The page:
BISMARCK-Since its inception, total net earnings of North Dakota's Legacy Fund have exceeded $1 billion, according to a report to legislators Thursday.

Dave Hunter, executive director and chief investment officer of the state Retirement and Investment Office, presented the report to the Legacy and Budget Stabilization Fund Advisory Board, followed by a consultant's report on an asset allocation and spending study of the Legacy Fund.

Hunter also told board members that a $62 million deposit Monday brought the state's Budget Stabilization Fund to about $100 million. State Treasurer Kelly Schmidt said that deposit was exciting and reassuring after the rainy day fund's depletion.

"Just like every North Dakotan, you're setting aside that emergency fund so if the furnace blows up or the air conditioner goes out, you've always got something there, and the Budget Stabilization is that for the state of North Dakota," she said.

Monday's deposit to the Budget Stabilization Fund wasn't to occur until July, legislative budget analyst and auditor Allen Knudson told the board. Better than expected oil production and revenue helped the bump.

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"This here, it just shows you what the strength of the oil production is out in western North Dakota," board chair and Rep. Keith Kempenich, R-Bowman, said. "Prices are helping but also production didn't fall off ..."

Fiscal analyst Chris Kadrmas told board members that North Dakota's average daily oil production from biennium-to-date is 23 percent ahead of forecast, while average oil price per barrel from biennium-to-date is 6 percent ahead of forecast.

Meanwhile, the Legacy Fund has received monthly deposits in excess of $50 million for most months this calendar year-a number not seen since August 2015. Legacy Fund dollars are derived from 30 percent of state oil and gas tax revenue, which declined in recent years due to sagging oil prices.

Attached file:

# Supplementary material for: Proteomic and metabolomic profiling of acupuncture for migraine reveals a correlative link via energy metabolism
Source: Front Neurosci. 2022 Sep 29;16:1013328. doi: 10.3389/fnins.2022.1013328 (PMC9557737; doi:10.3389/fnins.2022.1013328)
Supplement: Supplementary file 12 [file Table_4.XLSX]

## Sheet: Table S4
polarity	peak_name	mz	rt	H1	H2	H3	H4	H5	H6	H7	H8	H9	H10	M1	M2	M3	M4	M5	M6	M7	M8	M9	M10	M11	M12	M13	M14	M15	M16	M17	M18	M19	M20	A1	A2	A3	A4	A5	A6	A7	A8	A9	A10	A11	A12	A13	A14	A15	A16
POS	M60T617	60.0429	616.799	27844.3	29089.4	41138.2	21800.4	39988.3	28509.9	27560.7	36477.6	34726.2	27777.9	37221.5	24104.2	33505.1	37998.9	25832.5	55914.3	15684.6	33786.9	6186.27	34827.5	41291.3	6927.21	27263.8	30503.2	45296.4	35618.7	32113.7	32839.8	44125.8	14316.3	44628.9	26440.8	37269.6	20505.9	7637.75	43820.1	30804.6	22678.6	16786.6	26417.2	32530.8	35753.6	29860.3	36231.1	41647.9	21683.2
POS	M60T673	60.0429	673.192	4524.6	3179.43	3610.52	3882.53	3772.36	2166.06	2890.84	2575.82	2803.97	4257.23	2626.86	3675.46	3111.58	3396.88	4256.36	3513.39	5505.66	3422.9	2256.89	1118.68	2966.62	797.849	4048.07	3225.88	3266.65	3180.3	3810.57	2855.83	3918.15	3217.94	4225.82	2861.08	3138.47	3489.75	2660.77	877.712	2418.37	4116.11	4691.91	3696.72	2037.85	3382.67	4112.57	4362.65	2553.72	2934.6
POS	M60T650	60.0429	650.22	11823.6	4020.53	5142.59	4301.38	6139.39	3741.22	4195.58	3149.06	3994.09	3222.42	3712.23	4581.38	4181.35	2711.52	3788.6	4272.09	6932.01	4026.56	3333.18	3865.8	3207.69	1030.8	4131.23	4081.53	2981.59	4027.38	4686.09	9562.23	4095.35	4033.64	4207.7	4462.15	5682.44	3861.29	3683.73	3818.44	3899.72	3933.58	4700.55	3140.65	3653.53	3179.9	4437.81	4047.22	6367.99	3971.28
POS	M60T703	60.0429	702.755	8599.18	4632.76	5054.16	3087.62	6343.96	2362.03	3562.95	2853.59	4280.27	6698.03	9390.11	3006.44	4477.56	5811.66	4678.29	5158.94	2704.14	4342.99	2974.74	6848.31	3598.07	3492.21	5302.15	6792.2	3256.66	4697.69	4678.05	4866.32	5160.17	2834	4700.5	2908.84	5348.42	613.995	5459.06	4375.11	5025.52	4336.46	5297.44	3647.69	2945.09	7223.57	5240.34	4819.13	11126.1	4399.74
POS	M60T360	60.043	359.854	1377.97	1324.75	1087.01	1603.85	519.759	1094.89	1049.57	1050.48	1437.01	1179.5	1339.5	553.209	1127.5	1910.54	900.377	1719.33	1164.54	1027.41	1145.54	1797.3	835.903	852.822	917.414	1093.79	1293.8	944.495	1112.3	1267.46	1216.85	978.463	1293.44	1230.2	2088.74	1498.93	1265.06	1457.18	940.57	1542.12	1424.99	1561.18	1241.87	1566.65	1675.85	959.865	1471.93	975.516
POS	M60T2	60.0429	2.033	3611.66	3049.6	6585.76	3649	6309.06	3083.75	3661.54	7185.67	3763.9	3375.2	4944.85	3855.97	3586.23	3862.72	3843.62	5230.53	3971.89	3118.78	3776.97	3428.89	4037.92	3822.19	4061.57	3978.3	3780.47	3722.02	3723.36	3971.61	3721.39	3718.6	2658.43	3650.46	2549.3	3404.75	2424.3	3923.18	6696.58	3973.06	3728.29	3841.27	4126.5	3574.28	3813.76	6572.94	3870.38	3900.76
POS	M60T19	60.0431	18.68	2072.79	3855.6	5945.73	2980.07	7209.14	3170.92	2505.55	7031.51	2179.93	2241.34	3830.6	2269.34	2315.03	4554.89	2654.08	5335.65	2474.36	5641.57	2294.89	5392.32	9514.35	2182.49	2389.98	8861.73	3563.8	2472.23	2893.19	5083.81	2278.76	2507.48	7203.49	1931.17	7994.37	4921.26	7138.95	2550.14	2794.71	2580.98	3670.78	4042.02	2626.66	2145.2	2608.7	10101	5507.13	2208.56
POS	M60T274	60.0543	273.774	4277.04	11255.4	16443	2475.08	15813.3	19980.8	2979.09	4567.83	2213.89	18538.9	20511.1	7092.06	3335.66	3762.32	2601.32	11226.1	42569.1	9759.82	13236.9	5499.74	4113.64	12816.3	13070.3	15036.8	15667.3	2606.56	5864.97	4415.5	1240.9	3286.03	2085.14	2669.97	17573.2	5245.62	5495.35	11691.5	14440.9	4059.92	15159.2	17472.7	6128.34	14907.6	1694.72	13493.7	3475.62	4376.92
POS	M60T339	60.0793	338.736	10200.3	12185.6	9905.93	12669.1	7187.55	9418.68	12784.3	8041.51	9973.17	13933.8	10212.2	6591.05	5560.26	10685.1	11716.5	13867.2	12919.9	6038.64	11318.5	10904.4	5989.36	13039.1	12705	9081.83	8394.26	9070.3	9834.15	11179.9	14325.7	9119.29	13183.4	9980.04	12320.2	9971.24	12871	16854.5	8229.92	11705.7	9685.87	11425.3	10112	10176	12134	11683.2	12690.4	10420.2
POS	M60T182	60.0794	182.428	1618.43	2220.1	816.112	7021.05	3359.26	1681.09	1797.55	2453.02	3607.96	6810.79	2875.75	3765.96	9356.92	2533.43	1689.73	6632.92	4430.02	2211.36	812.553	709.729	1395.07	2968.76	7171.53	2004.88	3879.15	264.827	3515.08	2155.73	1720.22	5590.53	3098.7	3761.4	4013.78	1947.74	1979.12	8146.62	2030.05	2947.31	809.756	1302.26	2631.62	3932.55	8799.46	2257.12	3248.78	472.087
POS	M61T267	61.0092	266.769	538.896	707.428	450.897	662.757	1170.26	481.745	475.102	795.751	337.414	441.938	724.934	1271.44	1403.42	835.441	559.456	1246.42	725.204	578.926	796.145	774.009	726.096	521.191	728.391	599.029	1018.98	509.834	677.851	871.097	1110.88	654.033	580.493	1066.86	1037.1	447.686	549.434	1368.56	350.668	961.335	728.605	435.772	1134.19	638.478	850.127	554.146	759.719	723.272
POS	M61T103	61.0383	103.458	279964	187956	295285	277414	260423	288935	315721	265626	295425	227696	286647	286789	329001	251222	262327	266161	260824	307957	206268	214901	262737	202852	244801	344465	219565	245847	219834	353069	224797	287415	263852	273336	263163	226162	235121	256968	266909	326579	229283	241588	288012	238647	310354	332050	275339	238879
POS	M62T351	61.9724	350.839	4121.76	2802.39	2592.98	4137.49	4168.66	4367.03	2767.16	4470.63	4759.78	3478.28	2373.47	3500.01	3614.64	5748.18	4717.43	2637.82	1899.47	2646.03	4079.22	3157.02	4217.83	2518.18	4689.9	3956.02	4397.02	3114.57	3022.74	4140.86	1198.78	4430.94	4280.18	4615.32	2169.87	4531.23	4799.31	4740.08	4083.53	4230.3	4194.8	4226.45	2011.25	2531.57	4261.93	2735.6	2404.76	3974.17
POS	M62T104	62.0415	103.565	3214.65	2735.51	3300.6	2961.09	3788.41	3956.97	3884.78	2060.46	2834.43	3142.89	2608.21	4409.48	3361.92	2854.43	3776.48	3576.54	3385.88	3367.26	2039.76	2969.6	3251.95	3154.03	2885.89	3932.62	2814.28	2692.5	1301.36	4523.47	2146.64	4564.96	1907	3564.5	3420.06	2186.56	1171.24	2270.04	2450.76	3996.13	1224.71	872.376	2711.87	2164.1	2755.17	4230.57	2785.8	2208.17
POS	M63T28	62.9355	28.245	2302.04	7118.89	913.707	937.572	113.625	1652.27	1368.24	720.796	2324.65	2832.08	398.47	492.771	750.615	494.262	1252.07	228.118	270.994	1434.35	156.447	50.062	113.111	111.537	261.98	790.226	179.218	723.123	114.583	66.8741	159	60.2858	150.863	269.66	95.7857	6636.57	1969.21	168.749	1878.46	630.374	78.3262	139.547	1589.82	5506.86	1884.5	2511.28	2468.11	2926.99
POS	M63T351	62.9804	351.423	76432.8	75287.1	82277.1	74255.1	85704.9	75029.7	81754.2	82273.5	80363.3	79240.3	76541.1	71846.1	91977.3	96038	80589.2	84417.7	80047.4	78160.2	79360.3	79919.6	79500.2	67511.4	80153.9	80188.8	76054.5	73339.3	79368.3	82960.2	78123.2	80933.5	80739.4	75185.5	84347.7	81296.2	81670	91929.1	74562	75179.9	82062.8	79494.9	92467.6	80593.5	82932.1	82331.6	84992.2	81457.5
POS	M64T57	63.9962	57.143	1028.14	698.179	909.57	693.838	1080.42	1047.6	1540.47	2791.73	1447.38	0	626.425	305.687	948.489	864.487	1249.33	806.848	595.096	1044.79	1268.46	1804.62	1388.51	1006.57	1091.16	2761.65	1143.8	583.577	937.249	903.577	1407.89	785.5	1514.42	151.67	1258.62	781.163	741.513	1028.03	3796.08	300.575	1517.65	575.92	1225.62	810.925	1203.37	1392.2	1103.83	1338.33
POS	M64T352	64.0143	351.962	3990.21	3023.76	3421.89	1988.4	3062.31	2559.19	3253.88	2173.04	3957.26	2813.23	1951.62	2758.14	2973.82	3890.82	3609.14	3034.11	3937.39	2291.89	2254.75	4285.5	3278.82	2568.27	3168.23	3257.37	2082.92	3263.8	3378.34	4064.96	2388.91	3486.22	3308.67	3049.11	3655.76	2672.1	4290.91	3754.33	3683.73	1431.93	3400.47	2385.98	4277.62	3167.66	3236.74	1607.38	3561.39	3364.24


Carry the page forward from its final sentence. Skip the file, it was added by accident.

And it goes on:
Hunter's report noted the Legacy Fund exceeded $5.3 billion as of March 31, including its $4.3 billion principal and a little more than $1 billion in earnings. Schmidt said the earnings represent a psychological mark but a milestone nonetheless.

"I think it shows that we've been careful in risk and we've been responsible in our investing, and a billion dollars is something to be proud of," she said.

Kempenich said the earnings milestone was unexpected from the fund's early years, before a new investment strategy for asset allocation in 2013.

"I remember in committees when these were being tossed around, they were hoping that we'd would have $1 billion in principal by 2017 and that we might have earned $100 million in it, and it's quite a bit better than that," he said. "But the oil has done well and the earnings have done a lot better than what we've had."

Paul Erlendson, a consultant from investment consulting firm Callan, presented the study on the Legacy Fund, which calculated a number of projections under certain scenarios for the fund out to 2038, including oil prices, daily barrel production and spending policy.

Erlendson said his firm recommends the Legacy Fund's asset allocation stay its course.

"If you agree with us that these two competing interests of stability of distributable income and long-term appreciation are equal weighted, if those two are equal weighted, then we think leaving things where they are is just fine," he told the board.

The Legacy and Budget Stabilization Advisory Board voted unanimously to recommend the State Investment Board keep the Legacy Fund's asset allocation as is. The SIB is expected to vote as such after Callan's report at its meeting Friday.